The cosy – and highly profitable – arrangement whereby franchised dealers were obliged to source vehicle parts from their respective manufacturers is no longer acceptable. At least that is the thinking behind the latest block exemption rulebook which allows dealers and authorised repairers to purchase parts from suppliers other than the carmakers. But, as with another BE reform – right of access to technical information for independent workshops – there’s scant evidence to suggest that manufacturers are about to release their vice-like grip on aftersales. Report by John Kirwan.*******Investment bankers Goldman Sachs point out that margins on original equipment (OE) parts are typically 40 per cent and form “the bedrock of automotive profits”.
“We believe the automakers will continue to find ways to force dealers to stock only original OE parts supplied by the OE manufacturer in OEM branded boxes,” states a Goldman Sachs research report. “The European Union will simply not have the resources to police the relationship between the OEM and dealer.” John Wormald, co-founder of automotive consultancy group Autopolis, believes that block exemption changes give both parties in the aftemarket sector – franchised retailers and independent garages – a chance to shape their own destinies.
“If the independents don't shape up, if they remain fragmented at eachlevel (garages, distributors), then they are vulnerable to a resurgent dealer sector,” he says.
To counter that, Wormald argues that independent repairand service workshops need to follow the example of the fast-fit sector. This would mean the formation of branded groups and the establishment of trading relationships with parts suppliers and parts buying groups.
From the standpoint of main dealers, he says: “As their service networks go multi-brand, they will need to have them supported by all-makes parts distribution, on a national scale, instead of sourcing parts for each vehicle brand separately from each vehicle manufacturer - and paying for the huge margins that manufacturers take on spares.”
On a more immediate note, it seems that independent workshops are more concerned about convenience rather than best price when it comes to shopping around for parts. Brian Taylor, compiler of the latest Automotive Parts Distribution Trend Index, says one of the “shocks” of his findings is the proportion of parts (around 30 per cent) sourced from franchised dealers.
Taylor points out that this practice is most evident among Korean and Malaysian marques where “lack of availability” is cited as the reason for not buying from factors. But “better quality” (perceived or real) was also found to be of significant influence in sourcing parts for European and Japanese cars through franchised dealers.
Another explanation for the appeal of franchised suppliers, Taylor believes, is the increase in parts representatives employed by dealerships. This in turn was linked to the growth of manufacturers’ trade part schemes.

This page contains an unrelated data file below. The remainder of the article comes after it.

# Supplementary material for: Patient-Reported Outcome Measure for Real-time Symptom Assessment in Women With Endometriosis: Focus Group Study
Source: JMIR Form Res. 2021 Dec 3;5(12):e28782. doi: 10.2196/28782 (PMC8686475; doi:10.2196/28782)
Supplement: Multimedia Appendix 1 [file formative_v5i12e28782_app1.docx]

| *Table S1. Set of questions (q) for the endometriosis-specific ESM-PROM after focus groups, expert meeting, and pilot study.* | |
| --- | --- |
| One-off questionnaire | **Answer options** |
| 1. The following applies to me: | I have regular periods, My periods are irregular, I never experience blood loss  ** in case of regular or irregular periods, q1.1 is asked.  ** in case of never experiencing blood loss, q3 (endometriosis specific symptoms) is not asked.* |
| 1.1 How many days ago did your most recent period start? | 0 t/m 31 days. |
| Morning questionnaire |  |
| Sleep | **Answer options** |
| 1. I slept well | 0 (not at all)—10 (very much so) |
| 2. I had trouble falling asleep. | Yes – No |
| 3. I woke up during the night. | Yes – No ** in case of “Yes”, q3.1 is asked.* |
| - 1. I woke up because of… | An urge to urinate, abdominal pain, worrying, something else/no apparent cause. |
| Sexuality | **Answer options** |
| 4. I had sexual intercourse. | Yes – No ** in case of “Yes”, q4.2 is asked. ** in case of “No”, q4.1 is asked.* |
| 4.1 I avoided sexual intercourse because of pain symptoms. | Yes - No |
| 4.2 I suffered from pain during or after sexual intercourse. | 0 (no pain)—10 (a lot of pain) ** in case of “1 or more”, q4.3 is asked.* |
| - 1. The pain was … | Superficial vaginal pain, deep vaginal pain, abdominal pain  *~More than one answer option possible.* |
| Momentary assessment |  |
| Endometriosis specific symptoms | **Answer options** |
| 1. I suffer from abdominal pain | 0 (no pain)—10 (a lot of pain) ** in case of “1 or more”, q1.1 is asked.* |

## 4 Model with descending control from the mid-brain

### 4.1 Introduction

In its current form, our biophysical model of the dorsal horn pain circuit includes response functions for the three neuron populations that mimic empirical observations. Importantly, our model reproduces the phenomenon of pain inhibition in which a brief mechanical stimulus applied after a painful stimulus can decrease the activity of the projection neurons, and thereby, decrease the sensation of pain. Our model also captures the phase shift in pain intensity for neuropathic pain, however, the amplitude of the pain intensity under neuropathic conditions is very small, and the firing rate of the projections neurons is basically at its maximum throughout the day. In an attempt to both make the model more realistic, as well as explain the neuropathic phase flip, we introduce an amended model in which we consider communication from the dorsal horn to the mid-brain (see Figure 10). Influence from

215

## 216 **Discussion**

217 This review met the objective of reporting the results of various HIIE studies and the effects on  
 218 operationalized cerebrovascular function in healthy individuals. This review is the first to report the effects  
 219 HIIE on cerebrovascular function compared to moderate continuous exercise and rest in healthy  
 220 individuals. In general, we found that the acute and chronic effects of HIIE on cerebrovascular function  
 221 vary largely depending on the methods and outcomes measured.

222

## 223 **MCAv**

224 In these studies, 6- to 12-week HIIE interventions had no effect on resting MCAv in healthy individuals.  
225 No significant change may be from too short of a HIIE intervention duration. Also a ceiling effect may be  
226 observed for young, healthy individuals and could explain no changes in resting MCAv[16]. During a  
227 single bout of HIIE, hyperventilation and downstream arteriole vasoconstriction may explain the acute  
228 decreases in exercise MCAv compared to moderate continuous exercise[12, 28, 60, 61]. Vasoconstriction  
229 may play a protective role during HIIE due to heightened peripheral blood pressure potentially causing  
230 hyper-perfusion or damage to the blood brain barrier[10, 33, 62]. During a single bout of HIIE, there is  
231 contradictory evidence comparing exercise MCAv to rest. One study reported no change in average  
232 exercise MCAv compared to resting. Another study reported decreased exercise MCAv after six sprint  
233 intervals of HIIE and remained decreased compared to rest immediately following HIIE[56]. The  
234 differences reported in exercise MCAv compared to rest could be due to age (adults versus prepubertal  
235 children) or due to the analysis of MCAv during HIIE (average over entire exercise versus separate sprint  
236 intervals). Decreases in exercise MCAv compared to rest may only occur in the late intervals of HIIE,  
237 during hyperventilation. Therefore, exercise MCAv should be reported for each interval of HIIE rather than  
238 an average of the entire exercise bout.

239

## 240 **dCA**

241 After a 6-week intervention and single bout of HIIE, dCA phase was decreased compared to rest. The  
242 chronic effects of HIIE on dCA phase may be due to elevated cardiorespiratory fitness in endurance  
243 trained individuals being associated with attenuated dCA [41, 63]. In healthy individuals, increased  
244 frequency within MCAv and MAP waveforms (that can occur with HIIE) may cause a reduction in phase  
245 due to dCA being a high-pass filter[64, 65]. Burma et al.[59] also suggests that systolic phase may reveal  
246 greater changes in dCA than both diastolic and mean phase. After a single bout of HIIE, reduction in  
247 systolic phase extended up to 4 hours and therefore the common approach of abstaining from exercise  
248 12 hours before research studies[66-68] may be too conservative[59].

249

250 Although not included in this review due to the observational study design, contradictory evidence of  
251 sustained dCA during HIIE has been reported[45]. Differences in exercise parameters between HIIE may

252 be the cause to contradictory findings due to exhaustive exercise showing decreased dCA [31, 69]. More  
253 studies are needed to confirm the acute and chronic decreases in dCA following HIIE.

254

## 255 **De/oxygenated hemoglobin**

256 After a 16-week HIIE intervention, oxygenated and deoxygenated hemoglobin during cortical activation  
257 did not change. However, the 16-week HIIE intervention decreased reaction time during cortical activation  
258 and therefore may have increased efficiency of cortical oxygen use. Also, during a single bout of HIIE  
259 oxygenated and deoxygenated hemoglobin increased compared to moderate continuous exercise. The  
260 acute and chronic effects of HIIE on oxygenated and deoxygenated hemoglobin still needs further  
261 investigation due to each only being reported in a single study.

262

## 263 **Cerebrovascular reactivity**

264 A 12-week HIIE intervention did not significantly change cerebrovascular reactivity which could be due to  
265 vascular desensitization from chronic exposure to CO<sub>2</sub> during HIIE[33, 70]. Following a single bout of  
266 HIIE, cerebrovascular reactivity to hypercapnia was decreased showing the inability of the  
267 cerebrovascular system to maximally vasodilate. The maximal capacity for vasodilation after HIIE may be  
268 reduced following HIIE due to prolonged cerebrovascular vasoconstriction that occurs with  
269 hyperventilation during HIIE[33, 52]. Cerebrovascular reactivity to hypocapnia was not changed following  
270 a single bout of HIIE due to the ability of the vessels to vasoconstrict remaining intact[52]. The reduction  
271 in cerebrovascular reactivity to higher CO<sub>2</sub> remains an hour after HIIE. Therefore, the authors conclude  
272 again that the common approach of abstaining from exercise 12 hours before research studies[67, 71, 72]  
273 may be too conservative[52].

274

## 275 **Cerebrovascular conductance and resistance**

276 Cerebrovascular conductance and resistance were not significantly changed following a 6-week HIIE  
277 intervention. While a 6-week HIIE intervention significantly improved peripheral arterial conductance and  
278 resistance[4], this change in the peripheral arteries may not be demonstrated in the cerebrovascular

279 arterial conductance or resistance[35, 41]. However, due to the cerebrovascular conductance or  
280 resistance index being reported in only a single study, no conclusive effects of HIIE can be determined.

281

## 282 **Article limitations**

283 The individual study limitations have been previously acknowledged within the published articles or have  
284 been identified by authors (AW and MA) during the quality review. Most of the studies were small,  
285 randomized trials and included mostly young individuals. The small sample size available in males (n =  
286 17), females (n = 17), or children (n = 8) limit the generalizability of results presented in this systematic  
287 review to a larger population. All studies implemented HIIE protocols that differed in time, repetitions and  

For the buying groups, big is best. They exercise growing influence in parts distribution. One of the most recent initiatives comes from the Factoring Services Group with the launch of its AutoCare Complete package. The scheme offered through its distributor partners provides garages with the tools and skills needed to compete with dealers, including branding and software,
Over 20 garages are on the pilot scheme but FSG automotive trading group manager Andrew Dickinson believes that this will grow to 500. For Dickinson, the scheme “opens up the way for garages to compete with main dealers”.
Another group, the Independent Factors Association, already runs its Autosafe programme, which offers similar services and is well established. Its web site provides the list of factors based geographically and the garages approved for that area. As is the case with both schemes, garages have to be approved by the local factor. The buying power is substantial. In 2002, Sachs Boge, for example, won a three-year, single supplier agreement to supply the IFA with clutches for around £30m. Yet another group in the independent sector is Parts Alliance, which comprises such familiar names as Andrew Page, CAF and Central Auto Supplies.
While players like the FSG and the IFA get closer to their parts suppliers, the factor market itself is consolidating fast. Among recent moves was Motor World’s acquisition of 21 Les Smith outlets from the receivers. It was Motor World’s first major purchase since the management buy-out from Finelist in 2000.
Meanwhile, on the dealer front a recent survey estimated that half the top 20 groups have plans to set up parts wholesaling businesses that will challenge traditional factors. According to John Wormald at Autopolis, “the new-form dealer groups could well be drawn into setting up their own super-factoring structures”.
Blurring the boundaries still further, carmakers continue to grow their parts operations targeting independent garages. Ford, with its Parts Plus network of wholesalers, offers 100,000 lines, including parts for vehicles up to ten years after model run-out, from its distribution centre at Daventry which last year boosted its first time order fill to over 96 per cent.
When it comes to price, the perception that non-OEM parts are cheaper was recently confounded by a survey focusing on Vauxhall’s Trade Club. The study looked at a basket of parts including air and fuel filters and spark plugs, brake pads and discs and compared prices from the Trade Club, a national factor, independent factor and internet retailer. It concluded that there were “compelling” reasons for visiting Vauxhall dealers for fast moving parts, that they were “competitive across the board”.